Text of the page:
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January/February Issue 238: Rounding the Horn

Dec 29, 2016
The four-masted barque Priwall.

The four-masted barque Priwall.


From the time it was discovered in 1616 by the Dutchman Willem Schouten, and named for the town of his birth, Hoorn, Cape Horn has held the image of doom and redemption, heartache and tragedy in the minds of mariners. More than 1,000 ships met their end there, with more than 15,000 sailors lost.

Cape Horn, located at 55° 58’ S by 67° 17’ W, is the southern headland of Horn Island, Chile. The first Europeans to see it were father and son Isaac and Jacob Le Maire, successful Dutch merchants. The shorter and dangerous approach to the Cape, the Strait of Le Maire, is named in their honor.

Rounding Cape Horn from east to west was a serious business, yet captains who knew their stuff and had good ships with good owners routinely made passages from Europe to the West Coast of Chile in less than three months. No country did this better than the Germans, and no company was more successful than that of F. Laeisz and Sons. The company’s “P-Line” ships — barquentines, four- and even five-masted full-rigged ships — hold all the records for the fastest passages with the least loss of life. It was Laeisz’s ship, Pamir that was the last commercial sailing ship to round the Horn in 1949.

Many ships fought for months trying to make it to the West, finally either succeeding, wrecking or turning around. Captain Bligh aboard Bounty spent 31 days making 85 miles to the West before he turned to go to Tahiti by sailing around the Cape of Good Hope. In 1740, George Anson spent three months getting around Cape Horn.

The distance run was at least 1,200 miles. Not only did the captains have to fight the strong westerlies, but also a powerful southern ocean current setting to the East. Ocean Passages of the World says among other things, “When the wind is strong and opposed to the tidal streams, the overfalls are overwhelming and very dangerous, even to a large and well-found vessel.”

The record holder for the fastest rounding of the Horn was made by the cargo-carrying school ship Priwall in 1937. It took five days and 14 hours. Priwall was a 20-year-old, four-masted barque of 3,100 tons, built at the Blohm and Voss Shipyard in Hamburg for the Laeisz Line. In the 1930s it had a crew of 72, of which 55 were cadets.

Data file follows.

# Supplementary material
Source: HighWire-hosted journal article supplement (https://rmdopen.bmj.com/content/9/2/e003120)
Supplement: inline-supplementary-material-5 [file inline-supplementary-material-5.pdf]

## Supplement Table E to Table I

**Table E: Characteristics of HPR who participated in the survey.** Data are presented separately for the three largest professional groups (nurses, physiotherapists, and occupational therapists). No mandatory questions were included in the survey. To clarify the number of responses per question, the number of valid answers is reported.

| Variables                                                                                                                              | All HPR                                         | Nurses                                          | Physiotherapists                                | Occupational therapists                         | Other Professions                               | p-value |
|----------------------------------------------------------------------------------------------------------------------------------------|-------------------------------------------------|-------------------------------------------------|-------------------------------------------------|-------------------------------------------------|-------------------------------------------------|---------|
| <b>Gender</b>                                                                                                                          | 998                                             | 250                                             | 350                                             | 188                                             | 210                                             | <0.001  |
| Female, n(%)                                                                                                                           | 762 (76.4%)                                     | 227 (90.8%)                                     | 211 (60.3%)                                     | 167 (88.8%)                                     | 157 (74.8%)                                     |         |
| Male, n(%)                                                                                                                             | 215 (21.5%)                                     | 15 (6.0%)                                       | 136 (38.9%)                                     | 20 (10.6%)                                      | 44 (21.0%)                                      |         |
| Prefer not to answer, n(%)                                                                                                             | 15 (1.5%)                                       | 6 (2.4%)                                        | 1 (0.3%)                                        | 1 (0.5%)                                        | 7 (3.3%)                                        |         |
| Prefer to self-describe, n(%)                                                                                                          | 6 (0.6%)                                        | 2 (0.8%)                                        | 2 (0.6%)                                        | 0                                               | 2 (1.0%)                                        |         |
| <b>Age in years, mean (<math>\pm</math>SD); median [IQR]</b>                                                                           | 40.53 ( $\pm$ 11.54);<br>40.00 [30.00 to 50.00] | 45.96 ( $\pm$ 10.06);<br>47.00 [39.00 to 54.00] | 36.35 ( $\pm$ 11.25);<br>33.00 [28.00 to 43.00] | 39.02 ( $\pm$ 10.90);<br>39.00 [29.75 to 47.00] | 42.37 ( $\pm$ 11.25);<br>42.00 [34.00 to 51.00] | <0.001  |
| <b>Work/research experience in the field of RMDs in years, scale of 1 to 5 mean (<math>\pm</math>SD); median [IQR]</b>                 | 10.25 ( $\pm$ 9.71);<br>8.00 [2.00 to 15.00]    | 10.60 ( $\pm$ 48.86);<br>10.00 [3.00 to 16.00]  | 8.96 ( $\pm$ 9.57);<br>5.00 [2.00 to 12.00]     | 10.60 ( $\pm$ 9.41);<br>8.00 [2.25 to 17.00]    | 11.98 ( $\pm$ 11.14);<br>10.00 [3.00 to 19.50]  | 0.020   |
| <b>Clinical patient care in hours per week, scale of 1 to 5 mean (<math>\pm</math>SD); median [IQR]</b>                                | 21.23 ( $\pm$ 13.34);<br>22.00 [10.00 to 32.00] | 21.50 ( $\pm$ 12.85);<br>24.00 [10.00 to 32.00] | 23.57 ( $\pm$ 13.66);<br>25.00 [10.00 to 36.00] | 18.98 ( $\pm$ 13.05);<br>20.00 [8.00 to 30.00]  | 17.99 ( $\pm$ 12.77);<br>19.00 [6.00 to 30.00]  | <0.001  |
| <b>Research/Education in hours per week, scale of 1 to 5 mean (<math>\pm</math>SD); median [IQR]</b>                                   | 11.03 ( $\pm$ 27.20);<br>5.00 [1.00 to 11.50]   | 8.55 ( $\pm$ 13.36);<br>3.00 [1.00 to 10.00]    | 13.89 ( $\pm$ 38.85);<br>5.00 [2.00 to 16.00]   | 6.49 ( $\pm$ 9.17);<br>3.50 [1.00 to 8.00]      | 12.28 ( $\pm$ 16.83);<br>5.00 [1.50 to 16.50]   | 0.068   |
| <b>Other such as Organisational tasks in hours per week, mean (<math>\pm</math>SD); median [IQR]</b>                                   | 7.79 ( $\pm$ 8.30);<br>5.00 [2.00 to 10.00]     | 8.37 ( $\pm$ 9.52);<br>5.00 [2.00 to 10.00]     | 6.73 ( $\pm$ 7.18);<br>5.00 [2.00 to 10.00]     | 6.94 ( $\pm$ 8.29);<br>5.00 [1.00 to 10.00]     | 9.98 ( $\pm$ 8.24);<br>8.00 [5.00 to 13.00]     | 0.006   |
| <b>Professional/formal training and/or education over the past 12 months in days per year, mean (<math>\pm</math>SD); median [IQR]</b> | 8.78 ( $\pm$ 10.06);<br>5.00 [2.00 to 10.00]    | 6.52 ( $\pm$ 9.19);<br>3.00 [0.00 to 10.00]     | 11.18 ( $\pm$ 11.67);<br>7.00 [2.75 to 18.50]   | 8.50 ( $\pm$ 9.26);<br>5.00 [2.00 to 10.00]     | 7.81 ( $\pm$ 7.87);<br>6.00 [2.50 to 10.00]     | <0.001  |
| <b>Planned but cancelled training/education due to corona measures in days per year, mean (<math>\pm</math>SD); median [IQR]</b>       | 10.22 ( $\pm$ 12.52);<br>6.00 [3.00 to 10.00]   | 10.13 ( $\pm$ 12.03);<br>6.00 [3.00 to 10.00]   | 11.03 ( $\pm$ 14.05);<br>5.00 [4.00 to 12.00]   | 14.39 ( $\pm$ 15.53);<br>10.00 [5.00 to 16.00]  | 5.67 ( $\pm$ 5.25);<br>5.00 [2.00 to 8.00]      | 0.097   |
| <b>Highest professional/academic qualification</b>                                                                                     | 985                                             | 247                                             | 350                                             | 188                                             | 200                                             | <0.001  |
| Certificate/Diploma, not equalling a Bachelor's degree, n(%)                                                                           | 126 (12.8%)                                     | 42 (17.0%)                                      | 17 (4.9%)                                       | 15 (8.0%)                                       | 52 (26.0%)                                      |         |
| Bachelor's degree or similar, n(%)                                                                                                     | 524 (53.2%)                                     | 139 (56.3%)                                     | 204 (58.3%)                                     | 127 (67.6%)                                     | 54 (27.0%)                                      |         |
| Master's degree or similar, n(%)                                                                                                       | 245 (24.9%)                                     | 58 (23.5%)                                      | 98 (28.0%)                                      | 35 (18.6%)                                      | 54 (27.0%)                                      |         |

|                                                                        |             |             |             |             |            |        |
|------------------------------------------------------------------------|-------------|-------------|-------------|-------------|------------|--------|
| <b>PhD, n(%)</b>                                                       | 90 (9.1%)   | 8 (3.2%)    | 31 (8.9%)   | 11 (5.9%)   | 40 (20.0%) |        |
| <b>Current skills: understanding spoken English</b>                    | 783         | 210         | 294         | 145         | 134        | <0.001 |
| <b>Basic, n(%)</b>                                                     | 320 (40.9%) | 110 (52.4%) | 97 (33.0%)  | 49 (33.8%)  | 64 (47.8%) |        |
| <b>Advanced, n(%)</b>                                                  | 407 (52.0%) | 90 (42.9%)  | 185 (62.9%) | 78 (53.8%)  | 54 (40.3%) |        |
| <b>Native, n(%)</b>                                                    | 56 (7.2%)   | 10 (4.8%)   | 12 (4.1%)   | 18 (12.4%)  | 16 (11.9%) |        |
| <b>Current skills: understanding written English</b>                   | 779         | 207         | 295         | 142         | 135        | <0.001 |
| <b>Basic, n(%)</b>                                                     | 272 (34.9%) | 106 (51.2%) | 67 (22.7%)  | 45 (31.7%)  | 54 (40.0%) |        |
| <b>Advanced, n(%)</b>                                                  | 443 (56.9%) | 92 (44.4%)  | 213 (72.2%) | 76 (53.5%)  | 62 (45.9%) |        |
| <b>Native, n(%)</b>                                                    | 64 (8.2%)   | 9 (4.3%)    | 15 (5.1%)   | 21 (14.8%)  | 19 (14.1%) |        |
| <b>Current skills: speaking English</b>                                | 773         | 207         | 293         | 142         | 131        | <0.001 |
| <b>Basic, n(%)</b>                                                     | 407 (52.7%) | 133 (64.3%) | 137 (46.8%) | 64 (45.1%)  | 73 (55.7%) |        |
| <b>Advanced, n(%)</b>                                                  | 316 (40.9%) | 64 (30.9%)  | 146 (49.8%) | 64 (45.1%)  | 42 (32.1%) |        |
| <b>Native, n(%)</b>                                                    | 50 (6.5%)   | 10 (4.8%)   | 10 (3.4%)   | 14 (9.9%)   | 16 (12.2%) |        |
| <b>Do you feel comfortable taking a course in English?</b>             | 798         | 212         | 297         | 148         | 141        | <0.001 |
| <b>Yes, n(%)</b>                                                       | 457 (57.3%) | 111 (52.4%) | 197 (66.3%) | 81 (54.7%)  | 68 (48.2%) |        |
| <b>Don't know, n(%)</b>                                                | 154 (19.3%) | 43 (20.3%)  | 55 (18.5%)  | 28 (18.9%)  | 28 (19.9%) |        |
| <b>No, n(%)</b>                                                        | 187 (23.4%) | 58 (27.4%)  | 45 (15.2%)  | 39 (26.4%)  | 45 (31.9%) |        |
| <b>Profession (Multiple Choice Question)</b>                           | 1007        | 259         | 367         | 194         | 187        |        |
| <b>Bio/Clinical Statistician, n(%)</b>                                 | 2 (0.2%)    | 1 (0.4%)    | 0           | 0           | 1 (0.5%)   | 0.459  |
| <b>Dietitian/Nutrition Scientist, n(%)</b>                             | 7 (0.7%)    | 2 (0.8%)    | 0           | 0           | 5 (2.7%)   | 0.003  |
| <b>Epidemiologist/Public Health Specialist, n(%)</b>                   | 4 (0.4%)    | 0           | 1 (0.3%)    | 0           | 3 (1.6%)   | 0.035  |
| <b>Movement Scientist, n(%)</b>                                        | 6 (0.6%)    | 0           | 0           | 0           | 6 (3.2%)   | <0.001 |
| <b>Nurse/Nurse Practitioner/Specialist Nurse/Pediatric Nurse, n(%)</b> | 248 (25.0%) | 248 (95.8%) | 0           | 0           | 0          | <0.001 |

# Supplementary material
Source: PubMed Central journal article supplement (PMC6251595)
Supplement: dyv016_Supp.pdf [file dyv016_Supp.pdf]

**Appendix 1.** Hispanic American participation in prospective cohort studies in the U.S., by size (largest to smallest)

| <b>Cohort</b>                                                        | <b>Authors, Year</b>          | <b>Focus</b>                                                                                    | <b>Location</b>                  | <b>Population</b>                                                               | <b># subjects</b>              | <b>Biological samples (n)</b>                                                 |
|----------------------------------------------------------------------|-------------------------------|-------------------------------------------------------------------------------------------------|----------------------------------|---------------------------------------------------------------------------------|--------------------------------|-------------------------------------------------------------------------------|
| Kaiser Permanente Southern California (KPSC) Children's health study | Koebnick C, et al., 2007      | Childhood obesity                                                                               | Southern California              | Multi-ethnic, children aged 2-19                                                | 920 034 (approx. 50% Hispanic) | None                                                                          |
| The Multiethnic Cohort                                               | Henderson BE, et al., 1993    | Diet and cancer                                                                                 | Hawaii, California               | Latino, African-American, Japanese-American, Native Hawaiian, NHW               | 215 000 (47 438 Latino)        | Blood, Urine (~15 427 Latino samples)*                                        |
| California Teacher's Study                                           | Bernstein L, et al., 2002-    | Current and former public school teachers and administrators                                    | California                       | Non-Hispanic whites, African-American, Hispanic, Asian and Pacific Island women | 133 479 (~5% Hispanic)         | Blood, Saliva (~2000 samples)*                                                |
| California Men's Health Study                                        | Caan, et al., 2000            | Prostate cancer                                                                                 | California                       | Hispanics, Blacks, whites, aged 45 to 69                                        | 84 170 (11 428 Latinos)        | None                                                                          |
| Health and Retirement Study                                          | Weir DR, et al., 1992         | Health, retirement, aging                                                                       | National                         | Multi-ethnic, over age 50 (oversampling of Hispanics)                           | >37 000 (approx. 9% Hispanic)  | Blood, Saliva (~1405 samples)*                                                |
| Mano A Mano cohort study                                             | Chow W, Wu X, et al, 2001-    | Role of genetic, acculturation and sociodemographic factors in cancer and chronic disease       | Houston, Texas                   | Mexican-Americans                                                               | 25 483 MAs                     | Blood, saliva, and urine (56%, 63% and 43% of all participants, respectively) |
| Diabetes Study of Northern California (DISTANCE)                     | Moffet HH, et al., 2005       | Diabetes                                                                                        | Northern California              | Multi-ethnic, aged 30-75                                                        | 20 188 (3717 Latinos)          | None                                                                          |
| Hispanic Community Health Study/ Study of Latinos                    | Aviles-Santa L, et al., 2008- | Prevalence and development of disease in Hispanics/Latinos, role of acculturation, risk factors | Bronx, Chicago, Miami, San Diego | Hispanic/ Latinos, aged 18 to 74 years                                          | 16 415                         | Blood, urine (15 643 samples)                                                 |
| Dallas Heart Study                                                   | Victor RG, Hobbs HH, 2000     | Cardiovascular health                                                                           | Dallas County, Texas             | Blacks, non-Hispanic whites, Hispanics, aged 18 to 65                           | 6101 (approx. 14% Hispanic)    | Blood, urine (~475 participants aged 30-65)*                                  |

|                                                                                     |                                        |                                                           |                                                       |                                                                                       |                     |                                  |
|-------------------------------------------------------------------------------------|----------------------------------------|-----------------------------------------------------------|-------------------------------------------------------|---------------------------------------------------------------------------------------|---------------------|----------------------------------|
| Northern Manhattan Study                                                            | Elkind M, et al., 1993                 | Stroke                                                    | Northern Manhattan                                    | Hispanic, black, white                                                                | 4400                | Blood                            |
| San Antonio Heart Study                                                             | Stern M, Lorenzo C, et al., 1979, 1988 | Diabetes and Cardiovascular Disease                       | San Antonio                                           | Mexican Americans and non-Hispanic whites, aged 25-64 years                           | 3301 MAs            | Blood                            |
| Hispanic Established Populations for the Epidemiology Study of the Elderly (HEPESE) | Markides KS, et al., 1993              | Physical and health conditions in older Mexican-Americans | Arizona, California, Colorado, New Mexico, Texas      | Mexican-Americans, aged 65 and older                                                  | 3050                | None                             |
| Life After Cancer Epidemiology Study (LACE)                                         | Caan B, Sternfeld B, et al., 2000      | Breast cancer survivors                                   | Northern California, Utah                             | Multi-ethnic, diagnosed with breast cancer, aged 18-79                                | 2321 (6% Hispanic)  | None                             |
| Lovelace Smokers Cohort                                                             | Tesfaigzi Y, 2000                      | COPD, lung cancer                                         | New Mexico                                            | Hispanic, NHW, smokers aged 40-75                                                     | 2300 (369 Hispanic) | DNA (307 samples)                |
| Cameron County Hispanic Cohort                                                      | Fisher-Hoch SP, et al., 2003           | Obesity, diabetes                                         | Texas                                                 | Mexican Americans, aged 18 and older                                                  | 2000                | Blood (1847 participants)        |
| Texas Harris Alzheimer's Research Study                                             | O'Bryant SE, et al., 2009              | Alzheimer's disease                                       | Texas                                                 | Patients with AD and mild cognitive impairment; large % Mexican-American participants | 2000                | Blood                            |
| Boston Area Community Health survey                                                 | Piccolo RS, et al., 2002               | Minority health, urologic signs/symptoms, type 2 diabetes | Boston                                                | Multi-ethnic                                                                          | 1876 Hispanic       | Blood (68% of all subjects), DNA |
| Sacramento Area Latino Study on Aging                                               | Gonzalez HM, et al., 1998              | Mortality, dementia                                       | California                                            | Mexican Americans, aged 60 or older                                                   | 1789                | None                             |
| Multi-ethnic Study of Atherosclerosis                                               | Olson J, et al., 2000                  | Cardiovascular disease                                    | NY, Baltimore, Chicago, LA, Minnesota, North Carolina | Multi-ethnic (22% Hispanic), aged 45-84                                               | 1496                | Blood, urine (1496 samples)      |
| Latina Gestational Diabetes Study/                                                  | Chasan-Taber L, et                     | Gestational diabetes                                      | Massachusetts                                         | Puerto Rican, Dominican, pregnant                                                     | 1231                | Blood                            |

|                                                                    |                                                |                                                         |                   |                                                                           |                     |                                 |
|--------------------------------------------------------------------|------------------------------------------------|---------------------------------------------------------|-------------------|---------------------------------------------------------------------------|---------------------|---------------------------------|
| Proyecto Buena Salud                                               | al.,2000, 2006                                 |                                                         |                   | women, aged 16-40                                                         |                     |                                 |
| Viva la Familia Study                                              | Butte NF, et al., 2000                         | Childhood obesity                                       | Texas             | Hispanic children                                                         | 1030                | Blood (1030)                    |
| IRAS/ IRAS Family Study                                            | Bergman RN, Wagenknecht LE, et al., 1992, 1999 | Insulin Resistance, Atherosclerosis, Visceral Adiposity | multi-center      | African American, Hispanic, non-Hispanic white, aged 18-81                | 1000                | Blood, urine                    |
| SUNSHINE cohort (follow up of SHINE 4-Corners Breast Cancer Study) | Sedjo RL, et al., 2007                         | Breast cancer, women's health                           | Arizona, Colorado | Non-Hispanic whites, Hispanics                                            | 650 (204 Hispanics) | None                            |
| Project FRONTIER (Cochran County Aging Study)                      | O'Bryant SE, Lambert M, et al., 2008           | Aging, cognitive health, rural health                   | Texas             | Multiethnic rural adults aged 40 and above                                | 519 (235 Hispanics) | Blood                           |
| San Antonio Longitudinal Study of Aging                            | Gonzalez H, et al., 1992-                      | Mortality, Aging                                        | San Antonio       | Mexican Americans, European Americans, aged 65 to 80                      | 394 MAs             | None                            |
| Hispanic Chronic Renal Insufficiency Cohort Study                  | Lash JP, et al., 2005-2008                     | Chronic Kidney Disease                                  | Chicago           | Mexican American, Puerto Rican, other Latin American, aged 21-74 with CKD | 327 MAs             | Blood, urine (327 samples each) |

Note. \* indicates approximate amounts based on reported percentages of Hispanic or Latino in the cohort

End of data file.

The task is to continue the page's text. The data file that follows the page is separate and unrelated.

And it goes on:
Priwall’s master was Captain Adolph Hauth, 39, the youngest of the Cape Horn masters at the time. He already had 25 years experience. He took command of Priwall in 1937, outward bound to Valparaiso with general cargo and coming back with guano. This was his third rounding of Cape Horn on a passage that took 72 days from Hamburg to Talcahuano, Peru. The rounding was made in early November and the ship took the dangerous shortcut through the Le Maire Strait on a strong northwesterly.

Let’s join our intrepid captain on Oct. 31. We will use the 2016 NA. Our height of eye is 20 feet. We are taking a lower limb sight of the sun. It is true that at the time of the passage, stellar observations were taken sometimes to ascertain longitude, but the tried-and-true method was to DR and to find LAN latitude. DR at the time of the sight is 49° 54’ S, 65° 53’ W. Priwall is beginning to make the turn west, rounding the Horn. Noon sight time is at 1607 GMT and the Hs of the lower limb of the sun is 54° 17’.

A. What is the latitude? 

A: Latitude is S 49° 55.8’

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Jan 22, 2017 02:32 pm
 Posted by  JaO


I have different result. LAT = 49 54,9 S.

My calculation:
Hs=54 17'
Dip - 4,3
App.alt 54 12,7
Main +15,5
Ho 54 28,2

DEC S 14 23,1'

Noon sight:
90 00,0
- 54 28,2
ZD=35 31,8

35 31,8
+14 23,1'

LAT= 49 54,9'

What is wrong, please?


Feb 11, 2017 03:32 am
 Posted by  Sean C.


I see only one, very minor mistake in your calculations. The daily pages of the Nautical Almanac give GHAs and declinations for each whole hour. However, our sight was taken seven minutes past the hour. We will need to correct for the change in declination over this time period.

At the bottom of the daily page for October 30th through November 1st, the 2016 N.A. gives a d correction for the Sun of 0.8'. This is the average change in declination over the course of an hour for the three days on the page. (Actually, IIRC, it is calculated for 00h UT on the middle day of the page, but don't quote me on that.) By inspection, we can see that the declination of the Sun is increasing toward the south. Therefore, we will need to add the correction to the declination. But we need the change for seven minutes of time, not for the whole hour.

So, we turn to the increments and corrections pages and look up the table with a heading of "7m". Under the "v or d Corr" columns, we see that a d correction of 0.8' corresponds to 0.1' for seven minutes of time. We add (again, because the declination is increasing) 0.1' to the Oct. 31st 16h declination of S14°23.1' to get S14°23.2'.

Everything else in your calculations matched mine. So, with the corrected declination, I got a latitude of 49°55.0'S. Which, of course, only differs from your answer by +0.1'...the same amount as the d correction. This PARTICULAR difference is within the limit of accuracy to be expected when using a marine sextant, so it is essentially inconsequential. HOWEVER, in the case of a larger d correction and/or a larger number of minutes having elapsed since the whole hour at the time of observation, the error in latitude could be larger.

I am not sure why Mr. Berson's answer differs by +0.8'.

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